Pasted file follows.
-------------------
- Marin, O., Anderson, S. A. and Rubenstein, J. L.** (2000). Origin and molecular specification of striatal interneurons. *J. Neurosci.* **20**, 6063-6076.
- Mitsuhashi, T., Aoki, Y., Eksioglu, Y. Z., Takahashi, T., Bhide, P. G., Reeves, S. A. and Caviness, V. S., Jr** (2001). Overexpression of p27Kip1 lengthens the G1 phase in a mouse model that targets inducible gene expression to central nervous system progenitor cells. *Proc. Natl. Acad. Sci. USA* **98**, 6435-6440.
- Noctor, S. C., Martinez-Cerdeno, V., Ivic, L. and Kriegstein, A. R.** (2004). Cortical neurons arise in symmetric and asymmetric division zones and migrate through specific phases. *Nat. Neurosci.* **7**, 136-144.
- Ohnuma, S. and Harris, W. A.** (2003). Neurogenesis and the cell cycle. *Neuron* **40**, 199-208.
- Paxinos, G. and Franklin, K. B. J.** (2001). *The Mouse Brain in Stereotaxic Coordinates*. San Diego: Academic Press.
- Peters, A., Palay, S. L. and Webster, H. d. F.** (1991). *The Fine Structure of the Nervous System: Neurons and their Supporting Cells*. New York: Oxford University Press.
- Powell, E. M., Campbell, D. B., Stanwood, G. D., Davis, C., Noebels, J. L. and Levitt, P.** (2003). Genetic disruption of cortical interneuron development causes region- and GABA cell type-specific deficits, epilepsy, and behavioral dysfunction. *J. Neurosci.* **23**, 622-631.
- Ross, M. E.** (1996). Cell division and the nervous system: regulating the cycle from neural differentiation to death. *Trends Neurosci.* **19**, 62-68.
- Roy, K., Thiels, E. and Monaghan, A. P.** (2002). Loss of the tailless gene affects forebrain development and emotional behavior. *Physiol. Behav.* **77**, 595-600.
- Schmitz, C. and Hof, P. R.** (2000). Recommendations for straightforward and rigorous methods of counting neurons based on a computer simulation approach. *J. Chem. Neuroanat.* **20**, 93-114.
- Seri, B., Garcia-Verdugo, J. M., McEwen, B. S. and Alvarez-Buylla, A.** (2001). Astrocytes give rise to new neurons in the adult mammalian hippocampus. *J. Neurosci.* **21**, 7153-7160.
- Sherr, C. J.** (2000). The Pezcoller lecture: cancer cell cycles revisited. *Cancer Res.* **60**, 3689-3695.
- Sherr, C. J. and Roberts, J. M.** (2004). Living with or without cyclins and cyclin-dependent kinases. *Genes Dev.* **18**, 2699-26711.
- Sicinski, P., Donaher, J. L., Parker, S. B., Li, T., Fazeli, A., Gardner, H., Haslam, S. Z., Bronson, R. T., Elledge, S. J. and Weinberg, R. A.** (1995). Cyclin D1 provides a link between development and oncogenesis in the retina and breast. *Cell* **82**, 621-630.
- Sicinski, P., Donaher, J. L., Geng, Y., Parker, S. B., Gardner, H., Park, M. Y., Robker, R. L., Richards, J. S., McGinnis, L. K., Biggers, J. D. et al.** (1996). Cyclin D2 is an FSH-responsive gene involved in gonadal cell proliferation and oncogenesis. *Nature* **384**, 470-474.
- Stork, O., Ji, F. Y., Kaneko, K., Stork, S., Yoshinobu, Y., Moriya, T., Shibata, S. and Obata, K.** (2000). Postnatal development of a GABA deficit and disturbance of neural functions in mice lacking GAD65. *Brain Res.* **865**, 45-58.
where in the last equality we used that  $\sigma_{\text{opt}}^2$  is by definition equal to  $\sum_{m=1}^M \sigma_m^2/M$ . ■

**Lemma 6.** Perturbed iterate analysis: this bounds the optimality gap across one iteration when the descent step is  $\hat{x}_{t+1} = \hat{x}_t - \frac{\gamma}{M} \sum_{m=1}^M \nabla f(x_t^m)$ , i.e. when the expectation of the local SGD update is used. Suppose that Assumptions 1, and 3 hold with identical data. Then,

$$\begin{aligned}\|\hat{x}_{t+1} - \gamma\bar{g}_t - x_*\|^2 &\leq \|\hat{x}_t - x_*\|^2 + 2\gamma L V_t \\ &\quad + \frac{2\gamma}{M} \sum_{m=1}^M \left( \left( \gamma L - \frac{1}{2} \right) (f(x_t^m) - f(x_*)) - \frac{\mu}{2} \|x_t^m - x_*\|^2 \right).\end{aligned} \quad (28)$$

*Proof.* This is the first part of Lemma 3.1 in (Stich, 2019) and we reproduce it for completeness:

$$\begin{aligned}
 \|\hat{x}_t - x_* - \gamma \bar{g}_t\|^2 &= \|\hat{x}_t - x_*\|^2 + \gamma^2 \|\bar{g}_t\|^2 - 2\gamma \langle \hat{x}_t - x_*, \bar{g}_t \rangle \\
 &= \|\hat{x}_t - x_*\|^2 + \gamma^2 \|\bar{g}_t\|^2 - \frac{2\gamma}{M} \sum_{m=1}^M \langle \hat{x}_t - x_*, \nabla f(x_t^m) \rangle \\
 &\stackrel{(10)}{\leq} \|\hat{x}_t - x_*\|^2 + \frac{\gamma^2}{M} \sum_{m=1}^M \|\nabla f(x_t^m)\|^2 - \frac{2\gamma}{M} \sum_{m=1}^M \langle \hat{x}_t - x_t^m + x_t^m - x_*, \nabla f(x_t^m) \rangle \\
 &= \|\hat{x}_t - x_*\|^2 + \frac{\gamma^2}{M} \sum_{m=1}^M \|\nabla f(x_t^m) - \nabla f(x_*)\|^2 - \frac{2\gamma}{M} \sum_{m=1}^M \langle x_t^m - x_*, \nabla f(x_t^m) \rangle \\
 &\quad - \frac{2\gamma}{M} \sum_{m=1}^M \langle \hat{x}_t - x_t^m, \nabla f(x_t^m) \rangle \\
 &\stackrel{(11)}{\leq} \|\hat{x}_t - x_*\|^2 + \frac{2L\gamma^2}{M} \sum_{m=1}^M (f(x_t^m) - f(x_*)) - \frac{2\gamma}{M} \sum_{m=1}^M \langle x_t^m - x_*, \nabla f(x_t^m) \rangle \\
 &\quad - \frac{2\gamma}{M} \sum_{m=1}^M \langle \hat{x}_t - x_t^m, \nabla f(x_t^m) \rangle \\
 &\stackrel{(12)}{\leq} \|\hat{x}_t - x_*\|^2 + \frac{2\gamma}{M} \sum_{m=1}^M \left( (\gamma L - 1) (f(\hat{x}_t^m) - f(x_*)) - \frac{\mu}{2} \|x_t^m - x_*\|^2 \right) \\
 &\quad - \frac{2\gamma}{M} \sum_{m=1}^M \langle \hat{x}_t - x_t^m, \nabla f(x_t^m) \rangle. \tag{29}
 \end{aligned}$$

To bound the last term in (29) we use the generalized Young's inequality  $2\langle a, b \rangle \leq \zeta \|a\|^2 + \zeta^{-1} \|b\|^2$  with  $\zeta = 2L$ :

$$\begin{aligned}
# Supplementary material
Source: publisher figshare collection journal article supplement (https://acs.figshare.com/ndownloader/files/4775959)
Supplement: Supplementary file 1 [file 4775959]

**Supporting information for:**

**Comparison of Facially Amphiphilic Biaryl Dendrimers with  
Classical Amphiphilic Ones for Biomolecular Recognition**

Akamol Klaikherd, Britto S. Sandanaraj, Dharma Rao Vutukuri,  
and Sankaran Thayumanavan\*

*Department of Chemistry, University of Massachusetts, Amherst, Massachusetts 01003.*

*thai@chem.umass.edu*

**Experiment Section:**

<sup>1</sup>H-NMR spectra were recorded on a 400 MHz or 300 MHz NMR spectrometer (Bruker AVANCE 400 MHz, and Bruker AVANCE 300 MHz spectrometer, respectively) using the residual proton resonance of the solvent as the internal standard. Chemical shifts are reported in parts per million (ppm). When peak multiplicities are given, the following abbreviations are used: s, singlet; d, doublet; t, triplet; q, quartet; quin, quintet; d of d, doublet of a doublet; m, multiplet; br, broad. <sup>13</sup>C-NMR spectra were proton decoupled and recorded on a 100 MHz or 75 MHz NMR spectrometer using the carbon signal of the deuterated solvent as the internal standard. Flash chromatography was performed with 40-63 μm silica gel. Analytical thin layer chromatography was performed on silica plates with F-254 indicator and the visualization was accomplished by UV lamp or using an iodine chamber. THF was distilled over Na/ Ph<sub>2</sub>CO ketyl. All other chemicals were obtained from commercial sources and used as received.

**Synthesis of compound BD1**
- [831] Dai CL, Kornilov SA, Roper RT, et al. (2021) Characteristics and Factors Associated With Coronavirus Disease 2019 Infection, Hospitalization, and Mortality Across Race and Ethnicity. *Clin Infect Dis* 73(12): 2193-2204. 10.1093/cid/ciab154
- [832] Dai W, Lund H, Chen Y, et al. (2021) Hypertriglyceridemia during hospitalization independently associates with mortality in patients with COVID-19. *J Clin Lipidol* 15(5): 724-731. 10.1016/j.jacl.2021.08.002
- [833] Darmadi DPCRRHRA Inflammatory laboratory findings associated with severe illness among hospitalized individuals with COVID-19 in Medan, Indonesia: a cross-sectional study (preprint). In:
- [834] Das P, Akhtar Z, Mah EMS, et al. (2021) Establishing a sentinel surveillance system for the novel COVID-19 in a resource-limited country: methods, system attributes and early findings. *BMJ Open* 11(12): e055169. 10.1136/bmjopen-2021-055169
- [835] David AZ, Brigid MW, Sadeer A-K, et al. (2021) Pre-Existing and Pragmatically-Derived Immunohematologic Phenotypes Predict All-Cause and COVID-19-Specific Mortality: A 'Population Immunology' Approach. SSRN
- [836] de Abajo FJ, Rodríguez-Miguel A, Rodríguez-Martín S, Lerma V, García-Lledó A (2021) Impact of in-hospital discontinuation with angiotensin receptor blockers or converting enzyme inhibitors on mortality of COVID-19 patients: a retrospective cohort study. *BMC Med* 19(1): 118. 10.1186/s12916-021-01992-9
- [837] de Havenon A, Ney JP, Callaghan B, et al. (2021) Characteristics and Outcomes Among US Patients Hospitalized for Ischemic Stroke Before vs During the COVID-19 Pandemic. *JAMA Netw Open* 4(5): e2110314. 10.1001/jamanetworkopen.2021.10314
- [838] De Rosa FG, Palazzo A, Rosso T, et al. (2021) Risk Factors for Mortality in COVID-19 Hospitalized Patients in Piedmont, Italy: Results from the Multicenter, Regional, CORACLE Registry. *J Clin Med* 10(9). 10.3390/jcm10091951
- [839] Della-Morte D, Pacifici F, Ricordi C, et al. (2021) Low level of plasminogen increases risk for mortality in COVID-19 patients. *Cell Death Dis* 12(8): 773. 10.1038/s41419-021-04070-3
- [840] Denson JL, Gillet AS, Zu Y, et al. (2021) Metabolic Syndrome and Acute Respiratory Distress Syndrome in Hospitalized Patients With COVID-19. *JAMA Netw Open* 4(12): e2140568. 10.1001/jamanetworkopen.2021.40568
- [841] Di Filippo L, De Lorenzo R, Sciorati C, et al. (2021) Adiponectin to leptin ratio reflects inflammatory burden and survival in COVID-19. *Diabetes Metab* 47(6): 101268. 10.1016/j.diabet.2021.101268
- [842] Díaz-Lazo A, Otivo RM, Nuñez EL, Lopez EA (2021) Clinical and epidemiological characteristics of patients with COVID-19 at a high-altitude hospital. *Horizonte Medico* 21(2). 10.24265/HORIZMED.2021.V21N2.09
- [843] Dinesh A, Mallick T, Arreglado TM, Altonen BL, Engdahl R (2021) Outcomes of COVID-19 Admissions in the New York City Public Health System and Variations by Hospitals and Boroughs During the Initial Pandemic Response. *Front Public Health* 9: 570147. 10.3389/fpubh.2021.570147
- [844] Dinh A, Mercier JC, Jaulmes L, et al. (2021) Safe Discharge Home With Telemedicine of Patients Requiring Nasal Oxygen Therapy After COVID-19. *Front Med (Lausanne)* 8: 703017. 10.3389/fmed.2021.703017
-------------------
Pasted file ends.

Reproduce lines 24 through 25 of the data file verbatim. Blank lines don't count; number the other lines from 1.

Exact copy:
 &\stackrel{(10)}{\leq} \|\hat{x}_t - x_*\|^2 + \frac{\gamma^2}{M} \sum_{m=1}^M \|\nabla f(x_t^m)\|^2 - \frac{2\gamma}{M} \sum_{m=1}^M \langle \hat{x}_t - x_t^m + x_t^m - x_*, \nabla f(x_t^m) \rangle \\
 &= \|\hat{x}_t - x_*\|^2 + \frac{\gamma^2}{M} \sum_{m=1}^M \|\nabla f(x_t^m) - \nabla f(x_*)\|^2 - \frac{2\gamma}{M} \sum_{m=1}^M \langle x_t^m - x_*, \nabla f(x_t^m) \rangle \\